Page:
Last October, a consortium of U.S. and British foundations published the Global Health Security Index, designed to assess the “state of international capability for…rapidly responding to epidemic and pandemic threats.”
While it wrongly characterized every nation as ill-prepared for a pandemic, its most spectacular forecasting failure involved labelling the U.S. and Britain as the two countries best prepared to deal with a pandemic.
That’s because the report failed to identify the key element in addressing COVID-19: political will. Success happens when political leadership is thoughtful, science-informed and forward thinking. When it’s not, all hell can break loose.
Singapore and Taiwan have been highly successful, with very low COVID-19 infection and death rates. Their leadership established robust plans years ago.
By contrast, the U.S. is doing spectacularly badly, thanks to its capricious and ill-informed president and its patchwork state-by-state approach.
Italy has suffered a “tsunami of unprecedented force” because political leaders were slow to respond, displayed ill-advised bravado and ignored scientific warnings, leading to an incomplete, delayed response, and ultimately tens of thousands of cases and thousands of deaths.
Buried in the Italian disaster, however, is a nugget of unparalleled success. The town of Vo tested all 3,300 residents for COVID-19, guided by scientists from the University of Padua, finding 3 per cent infected, 40 per cent of them asymptomatic. They quarantined all, and a second wave of testing found a further 0.3 per cent asymptomatic cases, who were also isolated.
Vo has had no new cases since.
"Canadian governments still can’t resist playing politics. Despite the posited connection between the climate crisis and novel pandemics, the Liberal cabinet is floating the idea of a $15 billion package to resurrect the fossil fuel industry."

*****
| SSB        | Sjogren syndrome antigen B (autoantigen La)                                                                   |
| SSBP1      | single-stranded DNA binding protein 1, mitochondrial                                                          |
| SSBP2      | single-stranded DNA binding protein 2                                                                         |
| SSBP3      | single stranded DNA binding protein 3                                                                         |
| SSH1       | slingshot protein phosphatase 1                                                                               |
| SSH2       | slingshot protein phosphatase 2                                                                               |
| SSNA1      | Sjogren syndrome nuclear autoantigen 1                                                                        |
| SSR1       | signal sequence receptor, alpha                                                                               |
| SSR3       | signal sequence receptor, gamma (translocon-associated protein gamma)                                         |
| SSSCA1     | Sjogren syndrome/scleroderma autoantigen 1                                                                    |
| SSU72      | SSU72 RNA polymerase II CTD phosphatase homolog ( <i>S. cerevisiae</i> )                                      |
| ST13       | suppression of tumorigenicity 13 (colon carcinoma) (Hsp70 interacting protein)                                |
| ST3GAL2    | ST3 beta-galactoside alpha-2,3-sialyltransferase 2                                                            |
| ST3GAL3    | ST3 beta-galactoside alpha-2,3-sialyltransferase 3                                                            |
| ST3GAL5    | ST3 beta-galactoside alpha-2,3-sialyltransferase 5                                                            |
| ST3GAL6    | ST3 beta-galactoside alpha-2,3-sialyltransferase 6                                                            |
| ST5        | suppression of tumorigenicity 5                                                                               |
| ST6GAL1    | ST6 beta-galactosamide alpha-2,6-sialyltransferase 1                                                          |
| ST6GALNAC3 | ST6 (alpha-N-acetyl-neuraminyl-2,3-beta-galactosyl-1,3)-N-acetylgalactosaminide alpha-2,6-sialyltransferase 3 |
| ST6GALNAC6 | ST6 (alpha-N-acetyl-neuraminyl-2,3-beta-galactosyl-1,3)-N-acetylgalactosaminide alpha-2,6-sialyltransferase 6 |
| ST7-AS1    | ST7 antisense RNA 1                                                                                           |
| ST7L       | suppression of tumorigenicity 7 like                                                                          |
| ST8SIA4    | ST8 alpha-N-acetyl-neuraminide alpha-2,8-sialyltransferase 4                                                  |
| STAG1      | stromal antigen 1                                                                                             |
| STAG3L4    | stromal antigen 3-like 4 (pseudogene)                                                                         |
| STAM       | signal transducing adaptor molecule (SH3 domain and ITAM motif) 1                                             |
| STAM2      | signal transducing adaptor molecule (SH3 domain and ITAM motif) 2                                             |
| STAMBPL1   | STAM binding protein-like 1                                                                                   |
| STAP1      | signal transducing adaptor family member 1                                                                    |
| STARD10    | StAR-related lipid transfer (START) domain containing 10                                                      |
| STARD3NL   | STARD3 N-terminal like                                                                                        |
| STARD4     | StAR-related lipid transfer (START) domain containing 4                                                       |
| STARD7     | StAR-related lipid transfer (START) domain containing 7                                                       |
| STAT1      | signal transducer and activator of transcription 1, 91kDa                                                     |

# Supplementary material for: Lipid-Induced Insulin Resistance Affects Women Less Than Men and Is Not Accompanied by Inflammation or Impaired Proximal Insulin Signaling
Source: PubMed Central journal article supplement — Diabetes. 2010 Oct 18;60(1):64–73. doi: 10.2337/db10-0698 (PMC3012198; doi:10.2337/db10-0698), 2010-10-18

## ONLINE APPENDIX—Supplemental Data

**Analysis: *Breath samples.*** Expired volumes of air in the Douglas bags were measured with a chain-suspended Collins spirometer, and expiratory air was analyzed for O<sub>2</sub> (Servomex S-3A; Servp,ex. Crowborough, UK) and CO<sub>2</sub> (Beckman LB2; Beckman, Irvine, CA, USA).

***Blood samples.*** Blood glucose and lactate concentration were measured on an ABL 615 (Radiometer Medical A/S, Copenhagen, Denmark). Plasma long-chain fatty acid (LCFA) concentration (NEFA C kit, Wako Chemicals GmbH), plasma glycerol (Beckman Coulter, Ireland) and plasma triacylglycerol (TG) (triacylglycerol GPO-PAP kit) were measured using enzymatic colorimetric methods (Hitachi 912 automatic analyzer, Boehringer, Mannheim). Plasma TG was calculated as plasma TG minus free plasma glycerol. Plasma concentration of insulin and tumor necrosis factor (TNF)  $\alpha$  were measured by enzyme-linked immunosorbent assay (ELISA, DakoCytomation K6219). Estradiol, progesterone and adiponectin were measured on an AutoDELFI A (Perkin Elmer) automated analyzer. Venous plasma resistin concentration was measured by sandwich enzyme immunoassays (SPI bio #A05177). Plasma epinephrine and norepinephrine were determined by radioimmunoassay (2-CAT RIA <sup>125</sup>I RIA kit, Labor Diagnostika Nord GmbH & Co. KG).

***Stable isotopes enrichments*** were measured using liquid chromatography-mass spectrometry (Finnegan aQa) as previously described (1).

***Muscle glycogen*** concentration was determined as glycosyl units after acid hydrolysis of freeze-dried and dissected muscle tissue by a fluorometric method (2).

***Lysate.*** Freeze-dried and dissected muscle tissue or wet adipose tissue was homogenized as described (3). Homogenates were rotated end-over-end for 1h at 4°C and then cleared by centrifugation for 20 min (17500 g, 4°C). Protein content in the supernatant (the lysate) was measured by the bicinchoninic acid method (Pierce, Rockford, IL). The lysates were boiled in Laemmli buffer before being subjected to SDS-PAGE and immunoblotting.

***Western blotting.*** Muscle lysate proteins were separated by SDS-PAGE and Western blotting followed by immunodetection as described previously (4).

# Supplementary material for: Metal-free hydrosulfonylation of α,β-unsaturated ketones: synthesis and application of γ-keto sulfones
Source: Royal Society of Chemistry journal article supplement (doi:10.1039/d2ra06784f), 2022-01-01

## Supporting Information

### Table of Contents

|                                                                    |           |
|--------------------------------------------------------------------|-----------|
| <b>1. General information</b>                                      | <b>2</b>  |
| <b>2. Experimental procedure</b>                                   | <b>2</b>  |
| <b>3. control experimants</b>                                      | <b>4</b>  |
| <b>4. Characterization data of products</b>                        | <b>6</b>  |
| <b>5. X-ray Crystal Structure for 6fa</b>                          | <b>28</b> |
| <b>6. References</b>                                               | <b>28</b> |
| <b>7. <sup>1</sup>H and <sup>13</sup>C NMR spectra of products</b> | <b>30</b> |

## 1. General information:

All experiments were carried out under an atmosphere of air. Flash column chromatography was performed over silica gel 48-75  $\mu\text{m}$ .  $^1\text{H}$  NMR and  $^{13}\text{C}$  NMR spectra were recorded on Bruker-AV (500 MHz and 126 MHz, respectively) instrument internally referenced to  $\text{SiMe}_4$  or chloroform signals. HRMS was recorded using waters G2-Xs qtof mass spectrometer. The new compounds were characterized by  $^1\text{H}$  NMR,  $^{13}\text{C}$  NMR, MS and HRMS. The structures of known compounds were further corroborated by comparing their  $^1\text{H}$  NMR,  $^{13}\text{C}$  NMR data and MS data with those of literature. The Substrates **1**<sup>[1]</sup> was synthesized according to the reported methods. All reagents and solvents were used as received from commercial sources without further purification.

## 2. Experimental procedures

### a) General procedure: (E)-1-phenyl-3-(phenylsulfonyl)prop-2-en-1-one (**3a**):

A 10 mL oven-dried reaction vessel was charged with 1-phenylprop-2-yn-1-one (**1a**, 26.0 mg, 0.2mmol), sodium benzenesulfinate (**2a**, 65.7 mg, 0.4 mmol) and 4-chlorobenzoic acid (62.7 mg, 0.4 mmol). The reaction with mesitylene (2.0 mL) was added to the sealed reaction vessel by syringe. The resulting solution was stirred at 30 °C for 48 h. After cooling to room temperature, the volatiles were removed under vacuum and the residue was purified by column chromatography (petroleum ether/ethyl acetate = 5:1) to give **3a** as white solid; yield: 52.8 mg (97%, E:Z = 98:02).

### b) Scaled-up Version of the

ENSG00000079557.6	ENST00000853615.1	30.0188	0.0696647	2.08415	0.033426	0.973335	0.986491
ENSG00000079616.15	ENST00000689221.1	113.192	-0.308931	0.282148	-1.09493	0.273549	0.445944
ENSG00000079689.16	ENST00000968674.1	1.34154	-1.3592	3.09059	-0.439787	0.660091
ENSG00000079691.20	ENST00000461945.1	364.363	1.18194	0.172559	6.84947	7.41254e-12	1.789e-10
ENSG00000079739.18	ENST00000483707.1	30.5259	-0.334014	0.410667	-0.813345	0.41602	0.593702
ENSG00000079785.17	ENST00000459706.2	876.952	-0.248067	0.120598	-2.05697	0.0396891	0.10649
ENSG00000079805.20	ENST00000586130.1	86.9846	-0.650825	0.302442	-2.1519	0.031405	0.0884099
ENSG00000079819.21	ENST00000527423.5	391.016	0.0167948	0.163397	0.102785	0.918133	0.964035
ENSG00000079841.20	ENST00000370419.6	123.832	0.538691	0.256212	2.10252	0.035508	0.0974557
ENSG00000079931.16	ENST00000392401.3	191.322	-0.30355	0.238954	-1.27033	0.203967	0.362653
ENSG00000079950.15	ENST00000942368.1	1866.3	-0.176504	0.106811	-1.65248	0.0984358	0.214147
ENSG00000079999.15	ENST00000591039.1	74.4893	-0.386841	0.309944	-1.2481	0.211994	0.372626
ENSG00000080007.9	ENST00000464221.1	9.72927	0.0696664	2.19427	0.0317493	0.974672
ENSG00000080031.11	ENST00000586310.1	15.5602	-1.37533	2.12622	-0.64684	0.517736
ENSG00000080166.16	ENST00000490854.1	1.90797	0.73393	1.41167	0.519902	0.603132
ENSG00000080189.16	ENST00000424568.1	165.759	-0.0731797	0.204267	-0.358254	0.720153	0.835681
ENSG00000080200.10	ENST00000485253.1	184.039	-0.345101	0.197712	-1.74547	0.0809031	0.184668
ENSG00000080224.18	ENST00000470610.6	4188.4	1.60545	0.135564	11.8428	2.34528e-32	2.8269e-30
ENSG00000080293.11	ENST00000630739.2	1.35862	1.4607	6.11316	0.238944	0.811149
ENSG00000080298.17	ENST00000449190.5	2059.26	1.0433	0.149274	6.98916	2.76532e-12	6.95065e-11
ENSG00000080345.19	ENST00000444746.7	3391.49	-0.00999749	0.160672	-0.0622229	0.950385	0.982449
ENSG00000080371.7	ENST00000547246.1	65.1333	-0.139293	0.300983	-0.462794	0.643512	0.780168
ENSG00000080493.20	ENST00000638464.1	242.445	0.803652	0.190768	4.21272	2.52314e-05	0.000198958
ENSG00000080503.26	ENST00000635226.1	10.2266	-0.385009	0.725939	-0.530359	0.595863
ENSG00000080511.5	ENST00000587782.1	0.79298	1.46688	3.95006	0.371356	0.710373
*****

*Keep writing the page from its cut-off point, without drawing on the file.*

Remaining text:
New Zealand and neighbouring Australia have had contrasting political responses. Despite only 20 cases and no deaths, New Zealand Prime Minister Jacinda Ardern has declared a nation-wide lockdown, with stricter rules than most other countries. Deaths in the country of 5 million could be as low as 20, or 0.0004 per cent of the population.
Australia, headed by the Pentecostal Scott Morrison — a believer in the Apocalypse — has responded to COVID-19 with mixed messages and inconsistent behaviour. Cases have surged nearly 30-fold and dozens have died.
Canada has, characteristically, pursued a middle-of-the-pack course. Initially reacting slowly, Canada’s political leaders are now ramping up and stiffening rules about social distancing, social isolation and quarantining. The late start has meant that, unlike in Singapore and Taiwan, Canada’s business sector and social life have necessarily ground to a halt, requiring major public disbursements to keep the economy alive. Testing is still not widespread enough to slow the spread of asymptomatic infection.
In the year prior to the pandemic, Public Safety Canada gave out $70.0 million in grants, but none to support pandemic preparedness, while the Public Health Agency of Canada gave out $4 million similarly unrelated purposes.
Now the federal government will spend over $300 million on pandemic and COVID-19 research.
Canadian governments still can’t resist playing politics. Despite the posited connection between the climate crisis and novel pandemics, the Liberal cabinet is floating the idea of a $15 billion package to resurrect the fossil fuel industry, against scientific advice.
And the BC and federal governments won’t shutter construction camps for the Site C dam and LNG Canada worksites, despite high risks of COVID-19 spread.
The silver lining in these various responses to COVID-19, however, is that governments all over the world are pushed into rapid cooperation, collaboration, sharing knowledge and consulting scientists, and all of us are learning to live simpler, less consumptive lives. These invaluable lessons can help us address pollution, over-consumption of resources, habitat and species loss and the existential climate crisis.
One can only hope.